However, I found them to be an echo chamber. Each tries to outdo the next in an effort to show you how to optimize your life. Then you can retire sooner to a lifetime of carefree bliss.

That’s all great. Except it’s not true.

Sure, there are elements of truth in every FIRE blog. Just as reality TV reflects some elements of reality.


Cyberattack from outside the U.S. hits newspapers across the country, preventing distribution

Source: LA Times

A cyberattack that appears to have originated from outside the United States caused major printing and delivery disruptions at several newspapers across the country on Saturday including the Los Angeles Times, according to a source with knowledge of the situation.

The attack led to distribution delays in the Saturday edition of The Times, the San Diego Union-Tribune, the Chicago Tribune, Baltimore Sun and several other major newspapers that operate on a shared production platform. It also stymied distribution of the West Coast editions of the Wall Street Journal and New York Times, which are all printed at the Los Angeles Times’ Olympic printing plant in downtown Los Angeles.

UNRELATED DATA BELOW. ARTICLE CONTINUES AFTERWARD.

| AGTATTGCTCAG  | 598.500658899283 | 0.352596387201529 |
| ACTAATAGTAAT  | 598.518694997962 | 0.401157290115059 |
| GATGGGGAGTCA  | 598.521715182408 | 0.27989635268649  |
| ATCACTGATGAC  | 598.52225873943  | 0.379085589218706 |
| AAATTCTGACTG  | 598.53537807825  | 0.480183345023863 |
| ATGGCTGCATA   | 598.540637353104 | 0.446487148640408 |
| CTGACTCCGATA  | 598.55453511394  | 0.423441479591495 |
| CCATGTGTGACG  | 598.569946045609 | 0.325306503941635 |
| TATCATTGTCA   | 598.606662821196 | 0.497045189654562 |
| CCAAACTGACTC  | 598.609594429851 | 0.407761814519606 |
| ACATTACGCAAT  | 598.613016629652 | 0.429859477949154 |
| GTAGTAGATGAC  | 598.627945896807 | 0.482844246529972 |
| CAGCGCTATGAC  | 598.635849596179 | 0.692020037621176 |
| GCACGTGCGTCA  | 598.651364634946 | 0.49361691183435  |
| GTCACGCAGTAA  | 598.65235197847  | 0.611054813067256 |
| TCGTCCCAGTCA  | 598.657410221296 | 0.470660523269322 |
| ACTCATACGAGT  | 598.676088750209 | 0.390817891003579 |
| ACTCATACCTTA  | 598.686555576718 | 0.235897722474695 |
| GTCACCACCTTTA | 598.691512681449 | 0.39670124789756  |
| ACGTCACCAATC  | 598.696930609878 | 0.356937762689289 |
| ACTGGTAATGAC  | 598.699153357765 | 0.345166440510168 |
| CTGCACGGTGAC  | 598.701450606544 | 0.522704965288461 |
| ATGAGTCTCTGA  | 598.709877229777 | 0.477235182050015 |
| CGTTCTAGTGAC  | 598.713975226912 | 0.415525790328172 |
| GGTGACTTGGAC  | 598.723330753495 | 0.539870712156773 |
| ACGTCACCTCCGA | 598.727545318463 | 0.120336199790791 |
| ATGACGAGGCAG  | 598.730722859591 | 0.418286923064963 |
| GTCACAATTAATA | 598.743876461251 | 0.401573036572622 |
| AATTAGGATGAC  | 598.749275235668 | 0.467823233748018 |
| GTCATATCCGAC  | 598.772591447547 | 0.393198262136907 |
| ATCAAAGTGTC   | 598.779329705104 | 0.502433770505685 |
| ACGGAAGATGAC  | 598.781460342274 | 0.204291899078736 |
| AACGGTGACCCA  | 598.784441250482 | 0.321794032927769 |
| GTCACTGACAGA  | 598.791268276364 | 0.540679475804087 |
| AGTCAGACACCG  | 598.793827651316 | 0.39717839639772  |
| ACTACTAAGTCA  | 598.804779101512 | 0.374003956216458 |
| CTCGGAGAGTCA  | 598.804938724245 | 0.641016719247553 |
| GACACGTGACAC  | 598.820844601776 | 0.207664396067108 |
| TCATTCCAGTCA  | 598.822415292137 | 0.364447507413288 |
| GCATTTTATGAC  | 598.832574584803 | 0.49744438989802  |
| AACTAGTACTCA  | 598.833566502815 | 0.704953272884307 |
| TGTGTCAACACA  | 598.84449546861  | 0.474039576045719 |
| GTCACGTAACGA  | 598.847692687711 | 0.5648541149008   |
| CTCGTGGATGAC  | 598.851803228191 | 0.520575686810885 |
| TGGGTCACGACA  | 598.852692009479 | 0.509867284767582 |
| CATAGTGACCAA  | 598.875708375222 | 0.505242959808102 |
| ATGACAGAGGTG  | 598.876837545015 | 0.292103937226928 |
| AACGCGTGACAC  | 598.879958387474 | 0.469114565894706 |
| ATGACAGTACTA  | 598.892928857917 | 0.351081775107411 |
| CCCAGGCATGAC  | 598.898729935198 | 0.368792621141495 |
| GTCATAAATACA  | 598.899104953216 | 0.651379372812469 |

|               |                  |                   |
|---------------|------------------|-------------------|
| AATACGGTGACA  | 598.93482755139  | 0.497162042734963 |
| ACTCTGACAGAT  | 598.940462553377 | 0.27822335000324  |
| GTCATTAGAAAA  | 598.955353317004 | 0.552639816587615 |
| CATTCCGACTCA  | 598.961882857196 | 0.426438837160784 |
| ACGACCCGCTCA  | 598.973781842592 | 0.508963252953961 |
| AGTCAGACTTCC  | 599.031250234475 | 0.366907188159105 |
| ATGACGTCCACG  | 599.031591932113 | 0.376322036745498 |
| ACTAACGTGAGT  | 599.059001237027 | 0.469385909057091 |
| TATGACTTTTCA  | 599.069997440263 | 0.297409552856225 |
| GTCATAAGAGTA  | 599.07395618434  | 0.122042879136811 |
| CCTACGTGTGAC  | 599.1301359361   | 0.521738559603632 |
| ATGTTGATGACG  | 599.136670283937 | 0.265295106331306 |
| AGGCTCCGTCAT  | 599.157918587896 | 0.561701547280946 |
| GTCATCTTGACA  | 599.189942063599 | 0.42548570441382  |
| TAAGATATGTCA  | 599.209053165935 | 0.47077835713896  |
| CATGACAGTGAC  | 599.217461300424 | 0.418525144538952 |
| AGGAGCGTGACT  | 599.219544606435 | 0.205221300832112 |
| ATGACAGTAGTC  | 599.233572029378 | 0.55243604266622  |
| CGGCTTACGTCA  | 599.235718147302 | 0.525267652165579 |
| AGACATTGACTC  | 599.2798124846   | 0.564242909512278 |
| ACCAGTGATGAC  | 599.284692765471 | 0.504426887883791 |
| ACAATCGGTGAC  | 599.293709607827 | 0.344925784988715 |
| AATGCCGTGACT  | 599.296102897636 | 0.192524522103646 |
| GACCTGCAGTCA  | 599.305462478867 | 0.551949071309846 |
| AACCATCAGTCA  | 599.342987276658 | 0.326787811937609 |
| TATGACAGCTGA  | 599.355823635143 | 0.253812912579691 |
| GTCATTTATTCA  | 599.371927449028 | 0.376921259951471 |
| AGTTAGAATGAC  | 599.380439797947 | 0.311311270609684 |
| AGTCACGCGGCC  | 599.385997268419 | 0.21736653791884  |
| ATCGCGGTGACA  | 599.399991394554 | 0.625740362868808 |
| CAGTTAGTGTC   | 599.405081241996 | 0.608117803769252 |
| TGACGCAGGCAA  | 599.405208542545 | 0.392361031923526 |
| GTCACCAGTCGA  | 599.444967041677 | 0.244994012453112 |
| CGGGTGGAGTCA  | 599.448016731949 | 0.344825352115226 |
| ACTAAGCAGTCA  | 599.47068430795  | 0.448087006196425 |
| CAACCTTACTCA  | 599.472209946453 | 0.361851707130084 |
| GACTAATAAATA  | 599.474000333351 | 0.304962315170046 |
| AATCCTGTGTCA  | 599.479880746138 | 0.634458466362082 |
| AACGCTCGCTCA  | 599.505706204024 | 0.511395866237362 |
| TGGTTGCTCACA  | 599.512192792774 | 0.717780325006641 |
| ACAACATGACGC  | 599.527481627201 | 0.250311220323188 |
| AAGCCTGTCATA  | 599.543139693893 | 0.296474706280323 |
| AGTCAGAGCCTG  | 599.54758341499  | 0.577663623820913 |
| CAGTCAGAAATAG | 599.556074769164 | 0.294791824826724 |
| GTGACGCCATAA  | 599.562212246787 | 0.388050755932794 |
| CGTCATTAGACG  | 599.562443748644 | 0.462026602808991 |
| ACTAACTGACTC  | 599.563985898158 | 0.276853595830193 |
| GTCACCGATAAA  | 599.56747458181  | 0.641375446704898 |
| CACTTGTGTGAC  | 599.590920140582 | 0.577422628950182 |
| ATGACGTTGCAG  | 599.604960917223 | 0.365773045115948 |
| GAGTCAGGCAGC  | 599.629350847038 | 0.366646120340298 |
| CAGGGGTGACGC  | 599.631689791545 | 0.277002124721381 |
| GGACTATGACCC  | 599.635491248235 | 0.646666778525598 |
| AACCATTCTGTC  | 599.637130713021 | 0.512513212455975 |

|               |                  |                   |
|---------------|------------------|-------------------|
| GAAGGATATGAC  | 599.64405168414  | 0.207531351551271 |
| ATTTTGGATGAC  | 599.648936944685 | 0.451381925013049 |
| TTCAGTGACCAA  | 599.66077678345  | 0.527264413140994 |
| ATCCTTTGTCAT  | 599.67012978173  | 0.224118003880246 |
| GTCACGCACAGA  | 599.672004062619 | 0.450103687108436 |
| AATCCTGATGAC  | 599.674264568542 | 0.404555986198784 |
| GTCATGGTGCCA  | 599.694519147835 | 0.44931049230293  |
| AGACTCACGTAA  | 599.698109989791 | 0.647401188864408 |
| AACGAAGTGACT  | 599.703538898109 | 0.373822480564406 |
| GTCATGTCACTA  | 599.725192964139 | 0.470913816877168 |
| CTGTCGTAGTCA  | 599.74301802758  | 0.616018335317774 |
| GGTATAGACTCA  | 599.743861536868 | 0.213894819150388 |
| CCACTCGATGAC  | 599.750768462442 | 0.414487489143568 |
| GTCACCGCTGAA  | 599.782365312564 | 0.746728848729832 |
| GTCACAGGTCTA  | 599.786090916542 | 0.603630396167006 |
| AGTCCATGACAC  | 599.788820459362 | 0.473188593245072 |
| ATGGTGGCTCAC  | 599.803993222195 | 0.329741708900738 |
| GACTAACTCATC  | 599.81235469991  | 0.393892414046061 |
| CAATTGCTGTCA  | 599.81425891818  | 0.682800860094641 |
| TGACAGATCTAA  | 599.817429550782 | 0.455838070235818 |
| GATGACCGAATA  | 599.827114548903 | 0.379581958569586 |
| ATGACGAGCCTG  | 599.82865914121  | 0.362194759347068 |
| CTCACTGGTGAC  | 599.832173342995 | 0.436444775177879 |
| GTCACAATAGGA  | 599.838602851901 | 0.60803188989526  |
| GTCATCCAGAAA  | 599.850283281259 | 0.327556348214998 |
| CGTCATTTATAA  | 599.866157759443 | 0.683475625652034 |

“We believe the intention of the attack was to disable infrastructure, more specifically servers, as opposed to looking to steal information,” said the source, who spoke on the condition of anonymity because he was not authorized to comment publicly.

No other details about the origin of the attack were immediately available, including the motive. The source identified the attacker only as a “foreign entity.”

Read more: https://www.latimes.com/local/lanow/la-me-ln-times-delivery-breakdown-20181229-story.html

It's suspicious to me that this attack began around the same time of the nationwide 911 outage, and with a partial government shutdown in effect.


California Becomes 1st State to Ban Retail Sale of Dogs, Cats, Rabbits

Retail pet stores in California will only be able to sell kittens, rabbits, and puppies if they come from a rescue organization after a new state law goes into effect Tuesday.

With AB 485, California became the first state to implement such strict new rules on pet stores. Retailers are banned from selling live dogs, cats or rabbits unless the animal was obtained from a public animal control agency or shelter, humane society group, society for the prevention of cruelty to animals shelter or a rescue group that’s in a cooperative agreement with at least one private or public shelter.